Monday, June 24, 2013

Knowing What You Don't Know

By Dave Dargo

I'm always fascinated when I see novice shooters show up at class, some never having fired a shot in their lives, emerge from class as the top shooter.

How does that happen?

The answer is simple, really. The novice shooter has no preconceived notion about how they should perform or how they should shoot. We instructors would be nervous just at the sight of the novice's own trepidation except for the fact that we've seen this so many times before. Our experience tells us to be more wary of the "expert" shooter than the novice.

The novice shooter knows they don't know anything. They know that a mishandled gun is dangerous and tend to be more careful than the experienced shooters because they assume everything they do is somehow mishandling the gun. The novice shooters are so concerned about doing the wrong thing that they quickly adopt any corrections offered by the instructor.

The expert shooter, on the other hand, often wants to demonstrate to the instructors and the other students how good a shooter they happen to be.

Closeup of a student's qualification target 
I've seen novice shooters break into tears when they fire their very first shot and at the end of the class are the ones most in command of their firearm knowing exactly where each and every shot is going to go.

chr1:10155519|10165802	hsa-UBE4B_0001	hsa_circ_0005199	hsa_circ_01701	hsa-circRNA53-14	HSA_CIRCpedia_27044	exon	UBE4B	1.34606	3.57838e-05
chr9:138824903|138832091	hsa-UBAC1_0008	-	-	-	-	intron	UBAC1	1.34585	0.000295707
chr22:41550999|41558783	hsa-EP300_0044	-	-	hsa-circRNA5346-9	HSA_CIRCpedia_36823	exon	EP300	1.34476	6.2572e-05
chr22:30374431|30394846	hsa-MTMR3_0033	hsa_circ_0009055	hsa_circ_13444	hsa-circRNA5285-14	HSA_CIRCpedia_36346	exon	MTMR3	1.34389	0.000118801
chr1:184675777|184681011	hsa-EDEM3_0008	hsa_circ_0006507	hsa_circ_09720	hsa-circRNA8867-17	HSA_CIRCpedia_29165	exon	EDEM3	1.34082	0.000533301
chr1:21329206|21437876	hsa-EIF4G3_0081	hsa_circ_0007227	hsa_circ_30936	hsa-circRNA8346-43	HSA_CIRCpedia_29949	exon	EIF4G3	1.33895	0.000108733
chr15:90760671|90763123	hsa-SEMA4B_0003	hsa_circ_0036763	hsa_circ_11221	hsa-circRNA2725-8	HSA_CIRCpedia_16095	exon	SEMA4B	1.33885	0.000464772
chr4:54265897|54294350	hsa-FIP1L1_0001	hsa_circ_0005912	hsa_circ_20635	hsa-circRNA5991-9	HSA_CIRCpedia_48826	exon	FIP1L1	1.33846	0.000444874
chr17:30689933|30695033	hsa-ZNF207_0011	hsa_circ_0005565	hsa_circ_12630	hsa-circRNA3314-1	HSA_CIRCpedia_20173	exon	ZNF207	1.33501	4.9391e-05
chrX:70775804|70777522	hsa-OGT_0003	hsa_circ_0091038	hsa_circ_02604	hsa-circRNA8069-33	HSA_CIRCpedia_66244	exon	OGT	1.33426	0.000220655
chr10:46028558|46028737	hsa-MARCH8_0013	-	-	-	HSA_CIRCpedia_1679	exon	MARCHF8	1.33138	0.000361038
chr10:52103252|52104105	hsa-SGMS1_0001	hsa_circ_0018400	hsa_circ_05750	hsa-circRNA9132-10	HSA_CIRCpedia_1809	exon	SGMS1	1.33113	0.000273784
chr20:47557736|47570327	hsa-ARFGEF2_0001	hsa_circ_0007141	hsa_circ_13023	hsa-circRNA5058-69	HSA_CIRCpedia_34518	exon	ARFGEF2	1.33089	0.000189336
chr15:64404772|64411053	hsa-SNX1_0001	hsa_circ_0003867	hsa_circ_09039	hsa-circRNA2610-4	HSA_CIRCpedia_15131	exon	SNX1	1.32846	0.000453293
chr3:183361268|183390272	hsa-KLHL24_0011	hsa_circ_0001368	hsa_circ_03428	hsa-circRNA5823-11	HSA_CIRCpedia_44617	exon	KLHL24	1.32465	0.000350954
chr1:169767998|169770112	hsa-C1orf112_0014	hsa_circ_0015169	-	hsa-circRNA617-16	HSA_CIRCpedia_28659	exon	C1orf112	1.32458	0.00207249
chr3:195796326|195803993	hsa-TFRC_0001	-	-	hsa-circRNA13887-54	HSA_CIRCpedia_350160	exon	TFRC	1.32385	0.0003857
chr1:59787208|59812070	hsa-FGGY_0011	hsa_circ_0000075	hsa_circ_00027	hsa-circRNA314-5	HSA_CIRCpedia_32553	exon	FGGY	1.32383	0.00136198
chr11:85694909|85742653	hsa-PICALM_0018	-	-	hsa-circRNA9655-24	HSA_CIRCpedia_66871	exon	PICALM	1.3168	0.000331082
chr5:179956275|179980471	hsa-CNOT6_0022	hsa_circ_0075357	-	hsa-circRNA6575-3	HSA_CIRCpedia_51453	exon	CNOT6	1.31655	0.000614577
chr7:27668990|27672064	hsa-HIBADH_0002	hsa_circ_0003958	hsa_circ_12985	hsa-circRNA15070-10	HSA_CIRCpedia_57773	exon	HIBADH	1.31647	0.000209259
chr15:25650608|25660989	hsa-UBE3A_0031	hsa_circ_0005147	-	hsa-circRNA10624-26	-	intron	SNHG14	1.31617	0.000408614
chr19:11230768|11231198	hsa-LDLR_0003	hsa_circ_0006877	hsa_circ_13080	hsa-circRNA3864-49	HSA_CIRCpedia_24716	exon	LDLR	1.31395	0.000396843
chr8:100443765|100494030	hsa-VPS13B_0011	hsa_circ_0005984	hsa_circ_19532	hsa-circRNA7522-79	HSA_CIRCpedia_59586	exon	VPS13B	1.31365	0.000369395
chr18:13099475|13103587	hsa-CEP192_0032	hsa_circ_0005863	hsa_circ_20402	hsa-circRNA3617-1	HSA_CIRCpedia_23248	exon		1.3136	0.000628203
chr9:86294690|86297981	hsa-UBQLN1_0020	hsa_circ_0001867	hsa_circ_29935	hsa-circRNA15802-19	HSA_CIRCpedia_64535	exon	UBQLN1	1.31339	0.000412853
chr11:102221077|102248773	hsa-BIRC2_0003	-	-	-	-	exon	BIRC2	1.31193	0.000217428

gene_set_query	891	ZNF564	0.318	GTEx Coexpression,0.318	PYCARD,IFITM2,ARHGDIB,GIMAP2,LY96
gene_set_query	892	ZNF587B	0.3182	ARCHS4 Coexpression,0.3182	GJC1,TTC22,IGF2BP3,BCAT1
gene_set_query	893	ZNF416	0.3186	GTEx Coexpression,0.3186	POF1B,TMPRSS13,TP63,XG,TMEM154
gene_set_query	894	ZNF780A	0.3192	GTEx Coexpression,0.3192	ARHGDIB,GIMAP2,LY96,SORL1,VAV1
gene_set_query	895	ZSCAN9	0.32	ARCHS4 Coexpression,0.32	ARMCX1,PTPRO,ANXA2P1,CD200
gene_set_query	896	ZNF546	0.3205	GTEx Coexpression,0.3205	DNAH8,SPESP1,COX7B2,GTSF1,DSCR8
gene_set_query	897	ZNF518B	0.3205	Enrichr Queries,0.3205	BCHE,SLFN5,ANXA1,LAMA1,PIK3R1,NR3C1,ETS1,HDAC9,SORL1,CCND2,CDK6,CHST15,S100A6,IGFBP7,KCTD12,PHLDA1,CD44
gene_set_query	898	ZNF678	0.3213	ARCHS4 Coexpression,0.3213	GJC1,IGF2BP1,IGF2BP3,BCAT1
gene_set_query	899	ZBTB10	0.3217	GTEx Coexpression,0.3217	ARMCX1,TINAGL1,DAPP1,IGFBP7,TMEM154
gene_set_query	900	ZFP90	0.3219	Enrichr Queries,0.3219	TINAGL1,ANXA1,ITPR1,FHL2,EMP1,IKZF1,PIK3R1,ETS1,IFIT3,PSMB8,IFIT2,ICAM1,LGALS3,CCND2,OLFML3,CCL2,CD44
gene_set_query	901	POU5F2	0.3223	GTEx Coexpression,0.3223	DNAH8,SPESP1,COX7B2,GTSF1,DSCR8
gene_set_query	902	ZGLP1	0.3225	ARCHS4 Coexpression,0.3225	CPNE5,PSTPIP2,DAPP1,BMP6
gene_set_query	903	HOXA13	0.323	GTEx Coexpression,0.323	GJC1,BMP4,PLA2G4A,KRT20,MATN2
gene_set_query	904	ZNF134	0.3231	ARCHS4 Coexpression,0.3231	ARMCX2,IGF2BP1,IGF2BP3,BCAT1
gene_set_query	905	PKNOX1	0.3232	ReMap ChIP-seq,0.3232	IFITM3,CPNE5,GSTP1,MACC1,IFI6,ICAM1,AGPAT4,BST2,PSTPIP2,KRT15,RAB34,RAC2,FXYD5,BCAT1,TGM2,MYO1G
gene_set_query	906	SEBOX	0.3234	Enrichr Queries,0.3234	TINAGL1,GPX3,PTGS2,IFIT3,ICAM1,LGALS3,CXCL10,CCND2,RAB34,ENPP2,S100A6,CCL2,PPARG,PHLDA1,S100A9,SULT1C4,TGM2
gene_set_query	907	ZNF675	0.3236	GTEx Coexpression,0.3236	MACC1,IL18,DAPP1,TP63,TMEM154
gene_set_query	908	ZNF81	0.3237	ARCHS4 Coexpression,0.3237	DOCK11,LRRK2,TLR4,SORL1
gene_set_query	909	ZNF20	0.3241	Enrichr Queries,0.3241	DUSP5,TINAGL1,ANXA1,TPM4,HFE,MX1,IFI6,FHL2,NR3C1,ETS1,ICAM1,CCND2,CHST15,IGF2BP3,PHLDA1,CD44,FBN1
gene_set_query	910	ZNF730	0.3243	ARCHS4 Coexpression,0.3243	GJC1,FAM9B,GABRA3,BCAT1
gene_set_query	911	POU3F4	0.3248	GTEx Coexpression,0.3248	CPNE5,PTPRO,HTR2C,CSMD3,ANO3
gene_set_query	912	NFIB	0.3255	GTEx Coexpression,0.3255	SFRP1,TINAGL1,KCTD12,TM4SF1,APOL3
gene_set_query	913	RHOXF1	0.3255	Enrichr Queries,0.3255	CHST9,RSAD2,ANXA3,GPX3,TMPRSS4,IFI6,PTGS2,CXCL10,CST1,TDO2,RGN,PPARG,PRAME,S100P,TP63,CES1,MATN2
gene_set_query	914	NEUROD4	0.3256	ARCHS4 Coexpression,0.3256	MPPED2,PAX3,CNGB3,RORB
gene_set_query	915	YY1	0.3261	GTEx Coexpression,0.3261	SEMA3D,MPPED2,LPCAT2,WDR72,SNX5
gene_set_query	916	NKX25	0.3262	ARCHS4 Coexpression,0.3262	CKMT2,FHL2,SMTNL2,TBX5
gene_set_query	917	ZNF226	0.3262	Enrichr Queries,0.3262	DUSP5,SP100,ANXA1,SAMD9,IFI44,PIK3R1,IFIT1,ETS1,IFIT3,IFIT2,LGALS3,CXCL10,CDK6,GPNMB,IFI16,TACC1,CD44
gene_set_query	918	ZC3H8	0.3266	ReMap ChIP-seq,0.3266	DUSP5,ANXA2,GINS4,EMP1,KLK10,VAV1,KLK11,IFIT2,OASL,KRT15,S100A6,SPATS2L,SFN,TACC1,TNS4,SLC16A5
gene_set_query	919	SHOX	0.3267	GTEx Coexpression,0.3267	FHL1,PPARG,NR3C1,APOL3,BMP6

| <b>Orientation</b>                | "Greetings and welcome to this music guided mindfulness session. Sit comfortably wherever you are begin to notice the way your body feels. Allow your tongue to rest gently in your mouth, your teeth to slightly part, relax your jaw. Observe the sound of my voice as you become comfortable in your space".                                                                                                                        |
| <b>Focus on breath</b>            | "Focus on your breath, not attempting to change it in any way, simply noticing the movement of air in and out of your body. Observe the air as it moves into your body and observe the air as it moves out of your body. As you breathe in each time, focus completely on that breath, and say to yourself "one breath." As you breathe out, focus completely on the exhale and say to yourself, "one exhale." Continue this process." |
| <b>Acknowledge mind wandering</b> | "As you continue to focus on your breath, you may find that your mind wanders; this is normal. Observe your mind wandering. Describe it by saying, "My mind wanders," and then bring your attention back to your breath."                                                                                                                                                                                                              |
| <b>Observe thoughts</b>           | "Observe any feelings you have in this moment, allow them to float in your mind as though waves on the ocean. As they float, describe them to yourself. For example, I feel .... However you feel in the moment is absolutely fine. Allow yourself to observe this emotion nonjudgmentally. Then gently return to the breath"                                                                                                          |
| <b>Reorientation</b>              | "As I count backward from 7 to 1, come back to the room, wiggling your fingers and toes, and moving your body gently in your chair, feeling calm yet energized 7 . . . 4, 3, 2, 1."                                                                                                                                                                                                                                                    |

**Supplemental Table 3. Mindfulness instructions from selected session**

I remember one student who was very nervous because she wanted to do everything perfectly. She was creating her own increased levels of stress because she didn't want to make any mistakes. It took only a few tips about grip, trigger control and stance before she simply adopted what we were telling her as part of her own routines. My coaching after that consisted almost exclusively of the phrase, "Just relax."

It was difficult to keep from laughing as I watched her shoot her qualification target because most of her shots were going through previously made holes and all I would see was a flutter of paper and cardboard as the bullet passed through.  In the target shown here she fired 36 shots. You can see that about 11 made their own holes in the target and the others simply enlarged the first hole she made.

Her question at the end of the qualification was, "Did I do O.K.?"

I would ask this particular student to shoot faster because of the concept of "defensive accuracy", which I'll cover in a later post but, yeah, she did O.K.

The larger issue, though, is committing to learn more than the minimum state requirements for a concealed handgun permit. One should study the proper methods of drawing from a holster, how to properly reload a handgun and how to clear malfunctions among other topics.

We can easily get you through the qualification course for a concealed handgun permit.  At the end of class, though, I'll ask if you know the proper way to draw from a holster, or the proper way to reload your semi-automatic handgun or if you know how to clear malfunctions. All important topics to understand before deciding to carry a pistol for self-defense.

Try and be open to finding out what you don't know. You'll be surprised at how much fun it is to learn and practice those new things.

No comments:

Post a Comment